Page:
The classification system of Bordeaux red wine is a reflection of the region’s commitment to excellence. It serves as a guide for consumers, helping them navigate the vast array of wines from the Bordeaux wine regions.

  1. Grand Cru Classé:
    • Prestige: Represents the crème de la crème of Bordeaux wines.
    • Categories: Further divided into five tiers, with Premier Cru being the most esteemed.
    • Criteria: Based on the wine’s quality, reputation, and historical performance.
  2. Cru Bourgeois:
    • Prestige: Denotes mid-range wines that offer great value for their price.
    • Criteria: Evaluated based on the wine’s consistency, terroir expression, and overall quality.
  3. Petit Chateau:
    • Prestige: Represents everyday drinking wines that are approachable and affordable.
    • Criteria: While not as illustrious as the Grand Cru Classé, these wines still adhere to the high standards of the Bordeaux wine regions.

By understanding the classification system, wine enthusiasts can make informed choices, selecting wines that align with their preferences and budget. Whether you’re savoring a Premier Cru or a Petit Chateau, the Bordeaux wine regions promise a wine experience that’s both memorable and gratifying.

The Bordeaux wine regions are more than just a wine-producing area; they are a legacy. A legacy of passion, tradition, and an unwavering commitment to excellence. Cheers to the unparalleled charm of Bordeaux red wine!

Bordeaux Wine Classification

Bordeaux Wine Classification

The Bordeaux wine regions are renowned not just for their exquisite wines but also for a meticulously crafted classification system that stands as a testament to the region’s commitment to excellence. This system, which has its roots in the mid-19th century, serves as a beacon for wine aficionados, guiding them through the myriad of wines that the Bordeaux vineyards have to offer.

Understanding the Bordeaux Wine Classification

The classification system of the Bordeaux wine regions is a hierarchical structure that ranks wines based on their quality, reputation, and market value. This system, established in 1855, has undergone minimal changes, underscoring the enduring quality and consistency of Bordeaux wines.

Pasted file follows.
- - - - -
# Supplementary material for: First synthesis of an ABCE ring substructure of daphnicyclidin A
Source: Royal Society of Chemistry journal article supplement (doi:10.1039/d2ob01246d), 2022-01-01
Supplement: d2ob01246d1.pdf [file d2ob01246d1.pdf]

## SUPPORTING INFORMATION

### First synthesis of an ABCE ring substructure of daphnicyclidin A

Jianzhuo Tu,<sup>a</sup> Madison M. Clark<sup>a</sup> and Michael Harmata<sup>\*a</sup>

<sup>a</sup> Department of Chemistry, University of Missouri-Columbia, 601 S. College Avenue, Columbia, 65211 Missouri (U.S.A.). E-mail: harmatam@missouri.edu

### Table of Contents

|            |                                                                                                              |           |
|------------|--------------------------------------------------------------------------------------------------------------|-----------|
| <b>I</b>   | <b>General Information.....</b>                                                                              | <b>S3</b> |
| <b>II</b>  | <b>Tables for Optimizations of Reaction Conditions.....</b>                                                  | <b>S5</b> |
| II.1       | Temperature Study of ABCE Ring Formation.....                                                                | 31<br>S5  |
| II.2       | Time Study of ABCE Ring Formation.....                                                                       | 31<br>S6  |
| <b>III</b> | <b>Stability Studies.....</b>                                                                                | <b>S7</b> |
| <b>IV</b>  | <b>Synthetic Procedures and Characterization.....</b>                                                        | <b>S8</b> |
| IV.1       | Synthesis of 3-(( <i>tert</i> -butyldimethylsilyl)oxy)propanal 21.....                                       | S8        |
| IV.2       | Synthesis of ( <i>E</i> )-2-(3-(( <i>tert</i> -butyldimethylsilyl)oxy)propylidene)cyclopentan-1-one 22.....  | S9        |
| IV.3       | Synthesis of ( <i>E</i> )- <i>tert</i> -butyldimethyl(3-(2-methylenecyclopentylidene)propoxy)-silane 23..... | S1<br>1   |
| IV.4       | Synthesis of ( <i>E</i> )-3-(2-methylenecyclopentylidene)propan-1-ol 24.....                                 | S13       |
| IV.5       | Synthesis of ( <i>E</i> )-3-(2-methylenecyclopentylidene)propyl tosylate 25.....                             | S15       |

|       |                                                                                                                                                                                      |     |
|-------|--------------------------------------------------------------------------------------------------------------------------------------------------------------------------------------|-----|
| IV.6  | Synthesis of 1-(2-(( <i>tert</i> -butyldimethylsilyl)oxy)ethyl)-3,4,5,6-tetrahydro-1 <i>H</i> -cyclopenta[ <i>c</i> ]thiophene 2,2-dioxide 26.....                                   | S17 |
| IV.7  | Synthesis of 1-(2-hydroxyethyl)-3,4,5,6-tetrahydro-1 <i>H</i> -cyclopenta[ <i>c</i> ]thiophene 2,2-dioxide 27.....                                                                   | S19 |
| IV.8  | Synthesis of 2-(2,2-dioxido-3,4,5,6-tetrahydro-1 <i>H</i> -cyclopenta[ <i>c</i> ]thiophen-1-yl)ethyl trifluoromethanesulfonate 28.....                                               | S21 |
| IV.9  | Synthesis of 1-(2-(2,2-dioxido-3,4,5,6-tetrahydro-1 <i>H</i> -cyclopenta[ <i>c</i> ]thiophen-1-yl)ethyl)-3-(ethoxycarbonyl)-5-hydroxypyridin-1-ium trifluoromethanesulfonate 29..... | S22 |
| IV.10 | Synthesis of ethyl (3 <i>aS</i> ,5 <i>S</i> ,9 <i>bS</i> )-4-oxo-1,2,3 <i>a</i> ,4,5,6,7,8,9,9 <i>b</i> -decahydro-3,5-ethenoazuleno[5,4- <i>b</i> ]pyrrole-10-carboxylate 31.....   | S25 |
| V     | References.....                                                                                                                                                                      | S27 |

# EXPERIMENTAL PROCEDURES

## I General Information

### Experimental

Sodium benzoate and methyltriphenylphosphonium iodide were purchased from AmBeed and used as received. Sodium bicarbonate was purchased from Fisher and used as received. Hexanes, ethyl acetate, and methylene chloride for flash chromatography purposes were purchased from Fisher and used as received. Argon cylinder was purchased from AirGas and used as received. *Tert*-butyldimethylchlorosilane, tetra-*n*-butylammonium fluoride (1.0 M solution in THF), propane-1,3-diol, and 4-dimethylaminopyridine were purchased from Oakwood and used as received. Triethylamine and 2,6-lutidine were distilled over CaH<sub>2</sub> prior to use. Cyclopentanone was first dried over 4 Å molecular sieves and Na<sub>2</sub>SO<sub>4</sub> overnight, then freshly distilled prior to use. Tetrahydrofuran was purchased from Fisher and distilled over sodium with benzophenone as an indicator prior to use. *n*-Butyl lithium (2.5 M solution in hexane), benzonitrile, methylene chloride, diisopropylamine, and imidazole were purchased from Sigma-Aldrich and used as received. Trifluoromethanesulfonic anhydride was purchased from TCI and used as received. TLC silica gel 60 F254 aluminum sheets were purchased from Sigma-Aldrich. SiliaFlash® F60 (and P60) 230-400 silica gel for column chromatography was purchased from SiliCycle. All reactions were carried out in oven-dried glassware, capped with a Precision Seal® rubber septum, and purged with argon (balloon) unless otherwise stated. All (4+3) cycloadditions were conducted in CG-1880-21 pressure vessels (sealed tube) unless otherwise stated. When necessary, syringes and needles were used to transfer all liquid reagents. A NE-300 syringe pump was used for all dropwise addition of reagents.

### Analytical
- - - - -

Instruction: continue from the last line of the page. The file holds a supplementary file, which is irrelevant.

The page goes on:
The Five Tiers of Bordeaux Classification:

  1. Premier Crus (First Growths):
    • Notable Chateaux:
      • Château Lafite Rothschild
      • Château Latour
      • Château Margaux
      • Château Haut-Brion
      • Château Mouton Rothschild (Elevated from Second Growth in 1973)
    • Characteristics: Represents the pinnacle of Bordeaux wines, showcasing unparalleled quality and prestige.
  2. Second Crus:
    • Notable Chateaux:
      • Château Cos d’Estournel
      • Château Léoville Barton
      • Château Léoville Las Cases
      • Château Ducru-Beaucaillou
      • Château Montrose
      • Château Pichon Longueville Baron
      • Château Pichon Longueville Comtesse de Lalande
    • Characteristics: Exceptional wines that come close to the First Growths in terms of quality and reputation.
  3. Third Crus:
    • Notable Chateaux:
      • Château Kirwan
      • Château Giscours
      • Château Lagrange
      • Château Langoa Barton
      • Château Calon-Ségur
    • Characteristics: High-quality wines known for their consistent performance and distinctive flavor profiles.
  4. Fourth Crus:
    • Notable Chateaux:
      • Château Beychevelle
      • Château Branaire-Ducru
      • Château Duhart-Milon
      • Château Lafon-Rochet
    • Characteristics: Renowned for their balanced flavors and excellent aging potential.
  5. Fifth Crus:
    • Notable Chateaux:
      • Château Batailley
      • Château Clerc-Milon
      • Château Grand-Puy-Ducasse
      • Château Grand-Puy-Lacoste
      • Château Lynch-Bages
      • Château Lynch-Moussas
      • Château Pontet-Canet
    • Characteristics: While they might be the last tier, these wines still uphold the Bordeaux standard of excellence.

Beyond the Main Classification

Apart from the primary classification, the Bordeaux wine regions also have sub-regional classifications, such as:

  • Crus Bourgeois: A classification specific to the Médoc region, representing wines that offer great value for their quality.

Why the Bordeaux Wine Classification Matters

For anyone navigating the vast landscape of wines from the Bordeaux wine regions, the classification system serves as a trusted guide. It not only provides insights into the wine’s quality and heritage but also celebrates the region’s rich winemaking legacy. Whether you’re a seasoned collector or a casual wine enthusiast, understanding this classification is key to appreciating the depth and diversity of wines from the Bordeaux vineyards.

In essence, the Bordeaux wine regions offer a symphony of flavors, traditions, and stories, with each classified wine playing a distinct note in this grand orchestration. Cheers to the timeless charm and elegance of Bordeaux wines!

The Rich History of Bordeaux Red Wine